Remarks on the 8th Annual Ministerial Meeting on the Responsibility to Protect (R2P)
Under Secretary for Civilian Security, Democracy, and Human Rights
Hello everyone and thank you to the governments of Botswana, Liberia, and the Netherlands, along with the Global Centre for R2P, for convening us to mark the 10th anniversary of the Responsibility to Protect.
Ten years ago, the UN General Assembly unanimously affirmed the R2P framework, which emphasizes the national and international responsibility to prevent mass atrocities, and when prevention fails, to protect populations from violence. R2P is a milestone in our pursuit of a more humane and rights-based international order.
Attempts to put R2P into practice have spurred the international community to strengthen efforts around atrocity prevention and civilian protection.
Prioritizing prevention is never easy in a bureaucratic context, especially when a host of global crises demand immediate action. Yet over the last 10 years, countries and multilateral bodies have still made notable progress.
The United States has taken concrete steps to increase the focus on atrocity prevention as part of our daily work to ensure that we remain vigilant and prepared for potential outbreaks. Our intelligence community now provides regular reports on global risks for mass atrocities. We are developing customized tools to assess atrocity risks and are training colleagues across the government to use them. When we identify such risks, we are now doing more to mobilize targeted, civilian-led preventive action.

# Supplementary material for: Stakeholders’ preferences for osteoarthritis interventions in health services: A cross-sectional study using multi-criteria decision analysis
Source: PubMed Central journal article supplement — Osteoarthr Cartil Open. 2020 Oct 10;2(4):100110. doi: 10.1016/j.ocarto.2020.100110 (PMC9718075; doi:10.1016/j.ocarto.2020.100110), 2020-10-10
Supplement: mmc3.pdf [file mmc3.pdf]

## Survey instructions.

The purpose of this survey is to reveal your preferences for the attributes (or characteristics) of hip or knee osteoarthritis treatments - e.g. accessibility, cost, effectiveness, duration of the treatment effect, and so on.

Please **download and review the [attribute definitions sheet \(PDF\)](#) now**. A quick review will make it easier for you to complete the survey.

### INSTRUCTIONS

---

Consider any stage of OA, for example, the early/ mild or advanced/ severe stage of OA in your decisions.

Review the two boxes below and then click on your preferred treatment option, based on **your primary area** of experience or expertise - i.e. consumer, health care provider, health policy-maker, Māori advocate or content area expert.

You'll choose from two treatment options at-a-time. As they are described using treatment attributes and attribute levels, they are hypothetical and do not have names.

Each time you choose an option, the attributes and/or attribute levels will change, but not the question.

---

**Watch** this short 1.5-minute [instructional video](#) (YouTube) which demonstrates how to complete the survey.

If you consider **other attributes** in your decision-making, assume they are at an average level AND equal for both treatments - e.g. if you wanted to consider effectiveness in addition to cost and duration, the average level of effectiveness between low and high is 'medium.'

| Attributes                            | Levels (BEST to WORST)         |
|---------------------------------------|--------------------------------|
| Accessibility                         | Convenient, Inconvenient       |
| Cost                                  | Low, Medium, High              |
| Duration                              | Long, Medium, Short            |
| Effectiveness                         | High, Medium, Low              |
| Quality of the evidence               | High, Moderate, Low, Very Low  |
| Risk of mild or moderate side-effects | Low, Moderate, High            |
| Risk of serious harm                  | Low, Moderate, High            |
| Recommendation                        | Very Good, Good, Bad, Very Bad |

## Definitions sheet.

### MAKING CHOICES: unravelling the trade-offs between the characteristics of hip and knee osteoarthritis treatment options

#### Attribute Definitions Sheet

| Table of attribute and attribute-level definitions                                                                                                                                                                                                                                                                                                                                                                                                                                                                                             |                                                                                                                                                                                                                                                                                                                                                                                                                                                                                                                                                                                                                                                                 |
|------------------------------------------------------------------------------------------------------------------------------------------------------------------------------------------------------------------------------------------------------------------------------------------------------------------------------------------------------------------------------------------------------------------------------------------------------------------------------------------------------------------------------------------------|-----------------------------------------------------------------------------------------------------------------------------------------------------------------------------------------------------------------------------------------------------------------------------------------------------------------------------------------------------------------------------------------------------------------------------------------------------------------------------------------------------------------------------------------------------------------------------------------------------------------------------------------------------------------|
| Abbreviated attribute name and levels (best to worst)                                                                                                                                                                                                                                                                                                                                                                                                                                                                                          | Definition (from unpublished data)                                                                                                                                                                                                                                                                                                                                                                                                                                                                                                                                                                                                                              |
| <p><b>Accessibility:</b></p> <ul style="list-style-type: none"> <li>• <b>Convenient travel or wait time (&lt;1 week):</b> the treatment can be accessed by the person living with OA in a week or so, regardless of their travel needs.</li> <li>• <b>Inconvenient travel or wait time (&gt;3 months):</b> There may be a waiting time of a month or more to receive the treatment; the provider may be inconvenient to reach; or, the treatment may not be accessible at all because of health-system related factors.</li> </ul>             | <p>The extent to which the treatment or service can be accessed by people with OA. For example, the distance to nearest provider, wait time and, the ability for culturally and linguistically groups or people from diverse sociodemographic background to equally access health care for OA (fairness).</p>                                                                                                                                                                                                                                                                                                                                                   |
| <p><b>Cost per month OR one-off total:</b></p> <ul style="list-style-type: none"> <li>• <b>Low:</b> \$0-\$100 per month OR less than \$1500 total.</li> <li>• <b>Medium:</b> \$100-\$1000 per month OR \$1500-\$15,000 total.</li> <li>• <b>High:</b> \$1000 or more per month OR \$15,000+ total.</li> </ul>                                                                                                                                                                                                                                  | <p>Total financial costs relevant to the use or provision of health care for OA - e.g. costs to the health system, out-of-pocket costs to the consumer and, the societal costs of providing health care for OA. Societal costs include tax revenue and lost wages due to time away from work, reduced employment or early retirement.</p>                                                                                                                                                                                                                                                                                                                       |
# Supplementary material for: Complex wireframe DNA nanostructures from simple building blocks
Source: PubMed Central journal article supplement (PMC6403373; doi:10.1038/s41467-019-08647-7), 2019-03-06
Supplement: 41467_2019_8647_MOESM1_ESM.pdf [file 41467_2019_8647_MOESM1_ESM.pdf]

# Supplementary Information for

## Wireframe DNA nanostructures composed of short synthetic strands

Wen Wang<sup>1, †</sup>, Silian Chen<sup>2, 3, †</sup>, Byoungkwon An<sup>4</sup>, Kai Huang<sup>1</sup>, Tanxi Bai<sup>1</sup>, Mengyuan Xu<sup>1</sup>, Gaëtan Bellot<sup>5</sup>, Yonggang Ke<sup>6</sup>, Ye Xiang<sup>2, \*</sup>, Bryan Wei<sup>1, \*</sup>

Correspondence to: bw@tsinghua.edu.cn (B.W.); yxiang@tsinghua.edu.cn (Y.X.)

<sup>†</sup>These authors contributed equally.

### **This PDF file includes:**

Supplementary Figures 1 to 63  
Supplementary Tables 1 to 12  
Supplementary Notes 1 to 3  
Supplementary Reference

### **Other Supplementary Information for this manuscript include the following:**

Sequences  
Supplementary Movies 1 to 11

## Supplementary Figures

We also have seen progress around atrocity prevention and civilian protection at the multilateral level. In collaboration with UN bodies, the European Union and other regional bodies, and bilateral partners, the United States has begun streamlining our efforts to ensure that we have a common assessment of potential risks and that our preventive efforts are compatible. Though we have considerable work ahead, I am encouraged by our progress over the last few years.
The U.S. therefore welcomes the call in the recent Report of the Secretary-General on the recommendations of the High-Level Independent Panel on Peace Operations that all UN peace operations should advocate for the protection of civilians as a mission-wide task. Today, 10 of the 16 current UN peacekeeping missions are formally charged with protecting civilians under threat of physical violence—representing 98 percent of UN troop deployments worldwide. Properly planned, trained, and equipped UN peacekeeping operations are one of the best ways for governments to fulfill their pillar II responsibilities under R2P and assist states that face the risk of mass atrocities.
We also applaud the prominence of civilian protection in the UN Department of Peacekeeping Operations’ recent action plan, which recommended incorporating atrocities prevention at the early stages of mission design.
The U.S. has found that data-driven risk assessment, analysis and planning are vital to effective atrocity prevention, and we hope the UN can harness similar tools in the strategic assessment phase of peace operations and better identify and address atrocity risks throughout the mission.
Properly trained and equipped UN peacekeepers are among the best guarantors of civilian protection. That is why President Obama committed to provide greater technical, logistical, and personnel support for UN peace operations at the Leaders’ Summit this past Monday.
The U.S. is committed to strengthening of the full range of UN diplomatic tools—including mediation—which, as President Obama noted in his Summit speech, will help us to prevent conflicts in the first place. One of the best means to prevent atrocities is by ensuring that parties are committed to making peace.
All of these developments represent the uneven but irrefutable progress the international community has made to implement R2P principles in our policies and practice. While far more must be done, the debate has undoubtedly shifted in favor of protecting people from the worst crimes in our history.